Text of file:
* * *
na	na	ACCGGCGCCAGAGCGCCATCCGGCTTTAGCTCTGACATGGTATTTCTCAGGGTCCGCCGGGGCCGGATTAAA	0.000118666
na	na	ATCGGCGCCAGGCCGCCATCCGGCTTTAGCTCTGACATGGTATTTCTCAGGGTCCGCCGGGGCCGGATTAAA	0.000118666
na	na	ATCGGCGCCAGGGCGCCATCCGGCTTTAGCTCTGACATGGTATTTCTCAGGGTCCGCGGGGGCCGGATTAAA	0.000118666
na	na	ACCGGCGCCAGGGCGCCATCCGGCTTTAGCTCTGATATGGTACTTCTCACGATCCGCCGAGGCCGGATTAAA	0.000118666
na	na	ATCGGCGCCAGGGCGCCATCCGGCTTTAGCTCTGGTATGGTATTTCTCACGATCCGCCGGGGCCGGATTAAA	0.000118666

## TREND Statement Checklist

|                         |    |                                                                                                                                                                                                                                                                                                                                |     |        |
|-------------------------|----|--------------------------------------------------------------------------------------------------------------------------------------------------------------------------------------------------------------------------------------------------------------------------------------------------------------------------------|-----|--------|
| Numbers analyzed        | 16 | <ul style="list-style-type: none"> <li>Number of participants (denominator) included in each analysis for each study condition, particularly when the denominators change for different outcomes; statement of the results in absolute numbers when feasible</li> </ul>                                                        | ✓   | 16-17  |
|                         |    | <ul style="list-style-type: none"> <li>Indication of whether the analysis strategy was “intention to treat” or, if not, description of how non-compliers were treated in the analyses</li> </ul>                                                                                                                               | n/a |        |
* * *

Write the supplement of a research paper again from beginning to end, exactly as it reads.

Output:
na	na	ACCGGCGCCAGAGCGCCATCCGGCTTTAGCTCTGACATGGTATTTCTCAGGGTCCGCCGGGGCCGGATTAAA	0.000118666
na	na	ATCGGCGCCAGGCCGCCATCCGGCTTTAGCTCTGACATGGTATTTCTCAGGGTCCGCCGGGGCCGGATTAAA	0.000118666
na	na	ATCGGCGCCAGGGCGCCATCCGGCTTTAGCTCTGACATGGTATTTCTCAGGGTCCGCGGGGGCCGGATTAAA	0.000118666
na	na	ACCGGCGCCAGGGCGCCATCCGGCTTTAGCTCTGATATGGTACTTCTCACGATCCGCCGAGGCCGGATTAAA	0.000118666
na	na	ATCGGCGCCAGGGCGCCATCCGGCTTTAGCTCTGGTATGGTATTTCTCACGATCCGCCGGGGCCGGATTAAA	0.000118666

## TREND Statement Checklist

|                         |    |                                                                                                                                                                                                                                                                                                                                |     |        |
|-------------------------|----|--------------------------------------------------------------------------------------------------------------------------------------------------------------------------------------------------------------------------------------------------------------------------------------------------------------------------------|-----|--------|
| Numbers analyzed        | 16 | <ul style="list-style-type: none"> <li>Number of participants (denominator) included in each analysis for each study condition, particularly when the denominators change for different outcomes; statement of the results in absolute numbers when feasible</li> </ul>                                                        | ✓   | 16-17  |
|                         |    | <ul style="list-style-type: none"> <li>Indication of whether the analysis strategy was “intention to treat” or, if not, description of how non-compliers were treated in the analyses</li> </ul>                                                                                                                               | n/a |        |